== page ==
Eating foods naturally rich in nitrates may help reduce blood pressure and improve overall circulatory health.

Nitrates are chemicals that naturally occur in specific vegetables. Some manufacturers use them as preservatives in foods, such as cured bacon and cold cuts. It is best for people to choose vegetables with naturally high nitrate content rather than those with nitrate that manufacturers have added during processing.

Nitrate-rich vegetables include:

  • Leafy Greens-(Arugula, Lettuce)
  • Root-(Beet, Beetroot, Beet Juice)
  • Umbellifers-(Celery)
  • Rheum rhabarbarum-(Rhubarb)

Protein and vegetables

Protein-rich foods help people feel fuller for longer periods of time, reducing the urge to overeat or snack between meals.

Protein also stimulates the release of insulin from the pancreas. In this way, it can help lower blood sugar levels after a meal or snack that combines a protein source with carbohydrates.

Daily protein recommendations depend on a person’s size, sex, activity level, and other factors, such as women who are pregnant or breastfeeding. A person should consider consulting a healthcare professional or registered dietitian to help determine their unique daily protein needs.

Protein-rich vegetables include:

  • Cruciferous-(Broccoli, Cauliflower, Brussels Sprouts, Bok Choy, Watercress)
  • Leafy Greens-(Spinach, Mustard Greens, Collard Greens)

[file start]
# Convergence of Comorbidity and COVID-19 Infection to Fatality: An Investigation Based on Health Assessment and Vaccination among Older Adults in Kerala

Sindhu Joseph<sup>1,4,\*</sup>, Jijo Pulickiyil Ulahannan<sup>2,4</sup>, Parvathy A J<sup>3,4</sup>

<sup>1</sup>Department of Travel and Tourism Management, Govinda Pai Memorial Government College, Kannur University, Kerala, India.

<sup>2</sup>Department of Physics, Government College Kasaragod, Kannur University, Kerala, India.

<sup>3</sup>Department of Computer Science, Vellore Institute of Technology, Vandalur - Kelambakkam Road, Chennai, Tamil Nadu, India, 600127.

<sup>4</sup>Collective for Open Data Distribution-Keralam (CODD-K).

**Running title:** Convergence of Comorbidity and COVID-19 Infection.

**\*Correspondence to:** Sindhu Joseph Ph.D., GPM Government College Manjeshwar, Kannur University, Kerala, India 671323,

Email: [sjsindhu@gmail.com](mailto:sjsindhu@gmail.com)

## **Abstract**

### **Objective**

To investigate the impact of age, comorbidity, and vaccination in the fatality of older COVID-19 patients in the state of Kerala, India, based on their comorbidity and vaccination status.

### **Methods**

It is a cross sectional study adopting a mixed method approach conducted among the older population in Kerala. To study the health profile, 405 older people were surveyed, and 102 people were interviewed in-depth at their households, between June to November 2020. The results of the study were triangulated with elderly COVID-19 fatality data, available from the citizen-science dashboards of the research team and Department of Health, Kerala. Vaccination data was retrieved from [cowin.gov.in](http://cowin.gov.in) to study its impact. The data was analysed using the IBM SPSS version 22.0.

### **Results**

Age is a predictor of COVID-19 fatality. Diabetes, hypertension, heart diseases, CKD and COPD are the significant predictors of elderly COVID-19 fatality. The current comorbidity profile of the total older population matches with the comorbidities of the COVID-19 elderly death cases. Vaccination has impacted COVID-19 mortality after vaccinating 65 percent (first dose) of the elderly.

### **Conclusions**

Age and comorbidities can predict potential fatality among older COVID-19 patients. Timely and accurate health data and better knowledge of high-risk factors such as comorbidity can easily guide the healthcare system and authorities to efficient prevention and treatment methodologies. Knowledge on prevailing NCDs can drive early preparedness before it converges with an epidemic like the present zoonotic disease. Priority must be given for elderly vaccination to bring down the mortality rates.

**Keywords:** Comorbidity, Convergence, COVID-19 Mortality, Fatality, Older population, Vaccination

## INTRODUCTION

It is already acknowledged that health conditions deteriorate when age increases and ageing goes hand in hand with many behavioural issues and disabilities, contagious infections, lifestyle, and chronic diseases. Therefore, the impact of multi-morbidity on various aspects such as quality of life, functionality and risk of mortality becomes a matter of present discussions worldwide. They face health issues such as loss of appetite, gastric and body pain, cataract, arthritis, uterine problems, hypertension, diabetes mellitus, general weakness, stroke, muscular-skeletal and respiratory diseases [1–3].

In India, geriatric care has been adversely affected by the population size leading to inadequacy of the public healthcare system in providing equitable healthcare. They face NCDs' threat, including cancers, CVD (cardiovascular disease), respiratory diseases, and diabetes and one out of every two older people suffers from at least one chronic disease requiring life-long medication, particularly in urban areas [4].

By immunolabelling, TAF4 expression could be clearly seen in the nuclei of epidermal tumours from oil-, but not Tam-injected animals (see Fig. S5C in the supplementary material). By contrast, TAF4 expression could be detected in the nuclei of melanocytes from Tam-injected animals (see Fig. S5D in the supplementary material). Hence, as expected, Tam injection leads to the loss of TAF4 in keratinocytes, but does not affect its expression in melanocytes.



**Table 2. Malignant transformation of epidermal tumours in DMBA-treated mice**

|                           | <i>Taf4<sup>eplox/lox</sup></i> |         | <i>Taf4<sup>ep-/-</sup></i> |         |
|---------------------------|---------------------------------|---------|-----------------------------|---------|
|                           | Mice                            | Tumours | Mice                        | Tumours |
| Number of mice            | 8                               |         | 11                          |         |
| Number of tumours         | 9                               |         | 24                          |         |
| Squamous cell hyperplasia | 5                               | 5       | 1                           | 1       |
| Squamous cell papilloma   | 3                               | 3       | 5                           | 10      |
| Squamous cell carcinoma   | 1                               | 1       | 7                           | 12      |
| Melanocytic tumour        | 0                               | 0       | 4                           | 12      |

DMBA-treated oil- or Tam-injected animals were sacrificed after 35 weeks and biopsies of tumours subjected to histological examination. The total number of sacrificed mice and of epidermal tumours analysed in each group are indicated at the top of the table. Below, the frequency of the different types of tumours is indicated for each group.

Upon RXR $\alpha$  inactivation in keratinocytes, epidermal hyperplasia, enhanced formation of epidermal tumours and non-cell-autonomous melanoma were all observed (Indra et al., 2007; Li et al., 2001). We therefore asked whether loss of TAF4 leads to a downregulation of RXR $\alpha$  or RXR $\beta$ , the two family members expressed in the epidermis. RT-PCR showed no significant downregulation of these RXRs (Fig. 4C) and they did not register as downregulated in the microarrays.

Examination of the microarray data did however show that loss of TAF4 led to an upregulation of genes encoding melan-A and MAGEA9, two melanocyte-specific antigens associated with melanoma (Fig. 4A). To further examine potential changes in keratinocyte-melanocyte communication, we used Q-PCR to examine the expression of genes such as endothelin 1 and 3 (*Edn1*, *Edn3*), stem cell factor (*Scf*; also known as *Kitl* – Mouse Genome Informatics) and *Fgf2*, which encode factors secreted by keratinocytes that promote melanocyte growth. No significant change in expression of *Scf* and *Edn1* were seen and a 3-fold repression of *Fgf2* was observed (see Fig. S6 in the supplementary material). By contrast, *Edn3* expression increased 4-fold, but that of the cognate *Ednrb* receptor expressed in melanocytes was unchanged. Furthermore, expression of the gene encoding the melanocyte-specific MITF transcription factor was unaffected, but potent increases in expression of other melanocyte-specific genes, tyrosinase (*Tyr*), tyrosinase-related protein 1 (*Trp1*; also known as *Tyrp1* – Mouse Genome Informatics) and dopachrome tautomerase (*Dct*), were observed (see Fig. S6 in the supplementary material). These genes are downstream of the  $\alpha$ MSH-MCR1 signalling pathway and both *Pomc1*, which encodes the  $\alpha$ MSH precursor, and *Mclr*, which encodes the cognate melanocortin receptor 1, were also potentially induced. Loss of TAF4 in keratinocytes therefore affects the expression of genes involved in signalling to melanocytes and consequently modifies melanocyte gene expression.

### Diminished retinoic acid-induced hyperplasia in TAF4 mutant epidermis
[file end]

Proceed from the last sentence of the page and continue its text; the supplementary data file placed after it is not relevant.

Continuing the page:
• Perennial/Fibrous-(Asparagus)
  • Herbs-(Alfalfa Sprouts)

Providing fiber

Vegetables can also be an excellent source of fiber.

Fiber may help in the following:

Foods that are high in fiber take longer to digest. A person will feel full for longer and be less likely to have a blood sugar spike. Raw vegetables have more fiber than cooked, ground, or otherwise processed vegetables.

The American Academy of Nutrition and Dietetics recommends 25 grams (g) of fiber per day for females and 38 g for males. This recommendation varies depending on body size, overall health, and similar factors.

Here are some vegetables that contain protein and fiber. The table shows how much protein, carbohydrate, and fiber each raw vegetable contains per 100 g (around 3.5 ounces), according to the USFDA:


Protein in Grams (g)

Carbohydrate (g)

Fiber (g)

Spinach 2.86 3.63, of which 0.42 is sugar 2.20
Bok Choy 1.50 2.18 1.00
Asparagus 2.20 3.88, of which 1.88 is sugar 2.10
Mustard Greens 2.86 4.67, of which 1.32 is sugar 3.20
Brussels Sprouts 3.38 3.80, of which 2.2 is sugar 3.80
Broccoli 2.57 6.27, of which 1.4 is sugar 2.40
Cauliflower 1.92 4.97, of which 1.91 is sugar 2.00

leafy greens

Vegetables to limit

People with diabetes can eat anything they choose as long as it fits in with their specific meal plan. A person will need to take into account the amounts of carbohydrates they are eating at any meal or throughout the day.

Starchy vegetables, such as potatoes, are high in carbohydrates, but people with diabetes do not need to avoid them. Instead, they can work with a Registered Diabetes Nutritionist to develop a meal plan that includes the vegetables they enjoy.

Are low-GI vegetables best?

A glycemic index (GI) ranking rates foods according to their:

  • Dietary fiber content
  • Added sugar
  • Starch-to-sugar ratio
  • Liquid-to-solid ratio

The GI produces a measure of how much glycemic potential there is in each gram of carbohydrates — in other words, the chance of that food raising blood sugar levels.

The theory is that the body absorbs blood sugar faster from high-GI foods than low-GI foods. This means that foods that are high on the GI index are more likely to lead to a blood sugar spike, and a person with type 2 diabetes may want to consider eating them in moderation.